It wasn’t always this way, back in the 1960’s Moulton managed to take on the established cycling world with his small wheel F-frame bicycles, complete with small wheels and suspension. But they failed to displace the established diamond frame/safety bicycle design and by the 1970s they were gone. When the new and advanced space frame Moultons came on the scene in 1983 Alex Moulton deliberately made them expensive high end machines and sentenced the average cyclist to the world of conformity. Sadly most will never get to ride the best Moultons, and never realise how good they are.

Ultimately my gripe with Alex Moulton is he has developed an improved bicycle, and it is only available to the wealthy, who else can justify a $10,000 bike, that can’t even be used in competitive races (banned by the UCI for a drafting advantage). Moulton bikes are truly lovely pieces of engineering but here in Australia, sadly the cost is just prohibitive, to the point of being ridiculous.

Categories: Cycling Tags: ,

Steel is Real

December 26th, 2009 3 comments

Ah the oft mentioned quote by any steel bicycle aficionado. Steel is indeed real. Well many will say that aluminium alloys are carbon fibre are hardly Unobtainuim but let’s just say that steel is indeed the real thing. Sadly this is not a view that pervades the general buying community.

Steel offers some great properties when it comes to bicycle frames, however to get real performance from steel with acceptable weight now involves using what are known as alloy steels.  But before I go any further let me say this there is no such this as an aluminium frame bike. They are aluminium alloy frames, aluminium is almost never used structurally in it’s pure state, it is too weak. Moreover to call an aluminium alloy frame an alloy frame is so erroneous it is not funny. For example, steel is an alloy, it is an alloy of iron and carbon, solder is an alloy on tin and lead. So we should be saying an aluminium alloy frame not an alloy frame  or aluminium frame.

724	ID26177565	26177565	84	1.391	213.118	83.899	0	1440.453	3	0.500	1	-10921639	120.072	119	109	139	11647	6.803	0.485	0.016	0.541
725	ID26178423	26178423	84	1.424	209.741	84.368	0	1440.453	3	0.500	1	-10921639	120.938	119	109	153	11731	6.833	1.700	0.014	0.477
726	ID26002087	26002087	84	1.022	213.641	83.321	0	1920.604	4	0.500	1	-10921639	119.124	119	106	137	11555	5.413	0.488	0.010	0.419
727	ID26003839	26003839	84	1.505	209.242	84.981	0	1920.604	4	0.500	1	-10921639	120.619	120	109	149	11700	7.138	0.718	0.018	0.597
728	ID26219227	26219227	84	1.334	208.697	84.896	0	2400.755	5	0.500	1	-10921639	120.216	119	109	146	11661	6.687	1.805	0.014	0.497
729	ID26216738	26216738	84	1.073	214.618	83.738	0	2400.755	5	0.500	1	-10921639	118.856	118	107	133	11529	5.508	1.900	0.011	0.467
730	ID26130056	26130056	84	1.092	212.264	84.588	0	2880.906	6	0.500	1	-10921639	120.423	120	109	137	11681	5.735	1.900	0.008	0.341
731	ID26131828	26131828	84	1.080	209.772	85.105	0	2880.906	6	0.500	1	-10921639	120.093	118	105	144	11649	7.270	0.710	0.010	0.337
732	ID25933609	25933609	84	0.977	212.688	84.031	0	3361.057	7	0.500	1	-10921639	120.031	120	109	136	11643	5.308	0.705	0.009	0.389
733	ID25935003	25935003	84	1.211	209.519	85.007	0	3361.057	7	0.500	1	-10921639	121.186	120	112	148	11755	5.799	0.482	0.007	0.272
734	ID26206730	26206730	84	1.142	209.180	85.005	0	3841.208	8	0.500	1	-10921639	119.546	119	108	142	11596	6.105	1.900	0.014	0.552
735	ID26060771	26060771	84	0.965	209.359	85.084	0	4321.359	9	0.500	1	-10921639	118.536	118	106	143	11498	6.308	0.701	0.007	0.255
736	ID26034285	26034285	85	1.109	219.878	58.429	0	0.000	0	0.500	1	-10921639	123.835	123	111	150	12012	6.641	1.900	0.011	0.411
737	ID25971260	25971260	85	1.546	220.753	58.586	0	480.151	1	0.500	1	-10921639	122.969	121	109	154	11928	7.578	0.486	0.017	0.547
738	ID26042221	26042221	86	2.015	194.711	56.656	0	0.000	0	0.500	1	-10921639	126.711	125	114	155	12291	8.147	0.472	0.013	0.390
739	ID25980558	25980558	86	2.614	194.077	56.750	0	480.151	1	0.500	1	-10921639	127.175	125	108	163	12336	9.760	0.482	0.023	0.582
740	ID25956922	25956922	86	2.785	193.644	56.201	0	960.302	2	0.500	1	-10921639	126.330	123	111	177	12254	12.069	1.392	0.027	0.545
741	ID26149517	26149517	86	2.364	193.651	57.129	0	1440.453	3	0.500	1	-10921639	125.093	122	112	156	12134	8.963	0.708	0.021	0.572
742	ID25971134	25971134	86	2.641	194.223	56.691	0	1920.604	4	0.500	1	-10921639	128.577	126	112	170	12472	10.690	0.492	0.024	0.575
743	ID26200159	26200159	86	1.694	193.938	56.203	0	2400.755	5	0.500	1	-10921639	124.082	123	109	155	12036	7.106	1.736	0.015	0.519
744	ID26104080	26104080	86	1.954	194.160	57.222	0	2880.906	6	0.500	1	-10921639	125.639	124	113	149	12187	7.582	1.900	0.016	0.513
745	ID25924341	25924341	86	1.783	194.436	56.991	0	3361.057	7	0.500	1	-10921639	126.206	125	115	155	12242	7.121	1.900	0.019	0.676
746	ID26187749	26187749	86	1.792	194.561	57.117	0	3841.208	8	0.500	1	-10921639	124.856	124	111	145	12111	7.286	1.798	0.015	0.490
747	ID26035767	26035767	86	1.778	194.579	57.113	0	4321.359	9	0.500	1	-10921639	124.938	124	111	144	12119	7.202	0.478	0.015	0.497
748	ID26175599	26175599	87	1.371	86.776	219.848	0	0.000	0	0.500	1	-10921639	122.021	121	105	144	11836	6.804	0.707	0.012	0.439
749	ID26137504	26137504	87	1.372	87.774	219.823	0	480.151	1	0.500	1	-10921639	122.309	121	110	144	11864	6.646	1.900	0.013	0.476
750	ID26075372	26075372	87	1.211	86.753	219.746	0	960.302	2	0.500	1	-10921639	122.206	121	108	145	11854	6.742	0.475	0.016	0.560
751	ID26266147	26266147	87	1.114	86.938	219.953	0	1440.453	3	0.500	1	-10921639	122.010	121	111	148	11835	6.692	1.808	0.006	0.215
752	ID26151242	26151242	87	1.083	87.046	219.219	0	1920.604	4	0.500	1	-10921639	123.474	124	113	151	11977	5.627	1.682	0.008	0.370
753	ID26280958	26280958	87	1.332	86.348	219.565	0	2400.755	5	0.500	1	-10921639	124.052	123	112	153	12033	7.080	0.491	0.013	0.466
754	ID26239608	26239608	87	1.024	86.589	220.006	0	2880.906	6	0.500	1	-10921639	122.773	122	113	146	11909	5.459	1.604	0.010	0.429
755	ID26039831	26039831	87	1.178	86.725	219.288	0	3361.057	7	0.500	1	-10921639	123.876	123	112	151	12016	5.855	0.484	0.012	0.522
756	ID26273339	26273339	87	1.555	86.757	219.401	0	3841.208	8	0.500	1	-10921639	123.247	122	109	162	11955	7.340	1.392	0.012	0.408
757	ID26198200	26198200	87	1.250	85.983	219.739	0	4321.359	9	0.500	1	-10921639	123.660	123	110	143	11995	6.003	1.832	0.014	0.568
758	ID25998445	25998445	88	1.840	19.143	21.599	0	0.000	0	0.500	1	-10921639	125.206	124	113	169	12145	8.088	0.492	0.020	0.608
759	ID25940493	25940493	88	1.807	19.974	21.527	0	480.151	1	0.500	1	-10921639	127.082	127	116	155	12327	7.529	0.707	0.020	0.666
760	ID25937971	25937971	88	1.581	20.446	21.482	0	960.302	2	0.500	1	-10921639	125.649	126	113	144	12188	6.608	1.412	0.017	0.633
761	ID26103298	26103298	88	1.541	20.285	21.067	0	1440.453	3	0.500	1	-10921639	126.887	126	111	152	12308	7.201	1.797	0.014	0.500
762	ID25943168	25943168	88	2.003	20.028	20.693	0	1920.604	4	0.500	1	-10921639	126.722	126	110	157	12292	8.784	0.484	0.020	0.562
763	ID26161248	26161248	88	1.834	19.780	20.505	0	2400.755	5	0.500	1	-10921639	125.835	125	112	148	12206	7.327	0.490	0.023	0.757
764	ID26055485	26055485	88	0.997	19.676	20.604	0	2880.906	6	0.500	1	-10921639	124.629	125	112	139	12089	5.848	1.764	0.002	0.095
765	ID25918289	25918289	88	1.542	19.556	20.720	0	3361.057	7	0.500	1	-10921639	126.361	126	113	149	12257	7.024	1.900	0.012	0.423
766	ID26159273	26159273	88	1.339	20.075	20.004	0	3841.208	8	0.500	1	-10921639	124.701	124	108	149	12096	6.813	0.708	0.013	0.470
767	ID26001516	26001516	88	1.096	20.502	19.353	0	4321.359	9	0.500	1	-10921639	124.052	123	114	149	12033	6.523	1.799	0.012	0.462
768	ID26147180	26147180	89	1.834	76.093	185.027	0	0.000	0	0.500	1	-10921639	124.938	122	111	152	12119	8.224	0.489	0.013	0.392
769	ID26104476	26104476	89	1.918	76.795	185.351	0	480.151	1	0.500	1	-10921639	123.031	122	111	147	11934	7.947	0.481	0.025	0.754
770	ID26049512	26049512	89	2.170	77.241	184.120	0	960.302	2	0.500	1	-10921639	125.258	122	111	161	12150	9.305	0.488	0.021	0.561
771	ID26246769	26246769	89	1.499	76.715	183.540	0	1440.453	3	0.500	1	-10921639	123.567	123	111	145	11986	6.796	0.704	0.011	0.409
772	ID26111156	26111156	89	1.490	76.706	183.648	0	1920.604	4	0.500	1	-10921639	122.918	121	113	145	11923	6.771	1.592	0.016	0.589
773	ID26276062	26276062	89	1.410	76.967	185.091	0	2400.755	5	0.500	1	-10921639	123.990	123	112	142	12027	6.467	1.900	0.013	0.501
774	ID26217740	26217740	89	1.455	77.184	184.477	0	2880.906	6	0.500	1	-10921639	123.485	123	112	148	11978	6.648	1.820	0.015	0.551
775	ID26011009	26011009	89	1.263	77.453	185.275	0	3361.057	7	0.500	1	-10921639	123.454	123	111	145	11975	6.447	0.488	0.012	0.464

I carry a bias here, when I finally replaced my recumbent trike (oh the folly), I sought out an alloy steel frame bike. The right price and look (and availability here in Australia) came for me in a Jamis Quest (2007 model). This has a Reynolds 631 alloy steel frame. This is a steel with additions of chromium, nickel and molybdenum, which actually means the steel air hardens. This allows the welded joint to improve its hardness and strength after welding. Unlike the related (and more expensive) Reynolds 853, Reynolds 631 does not have heat treatment done on the tube after being drawn out, so it has a lower Ultimate Tensile Strength (UTS). But it has stength to weight ratios equal to or approaching most aluminium alloys and importantly its stiffness to weight ratio is better than all aluminium alloys except X100 Aluminium lithium alloy.

So the main players of our story are steel, aluminium alloys and carbon fibre.

But isn’t aluminium alloy the best stuff?

Well no, in fact aluminium alloys offer some advantages to the hard core sprint cyclist but not the average rider nor the long distance rider. Aluminium alloy frames are made very stiff and as a consequence have very little flex, this means power is transmitted very well, but they tend to be “buzzy” particularly on rough roads or coarse chip bitumen reads we see in Australia.  They do tend to be lighter than a steel frame (particularly a low quality steel frame), and of course they are less likely to suffer detrimental corrosion than steel.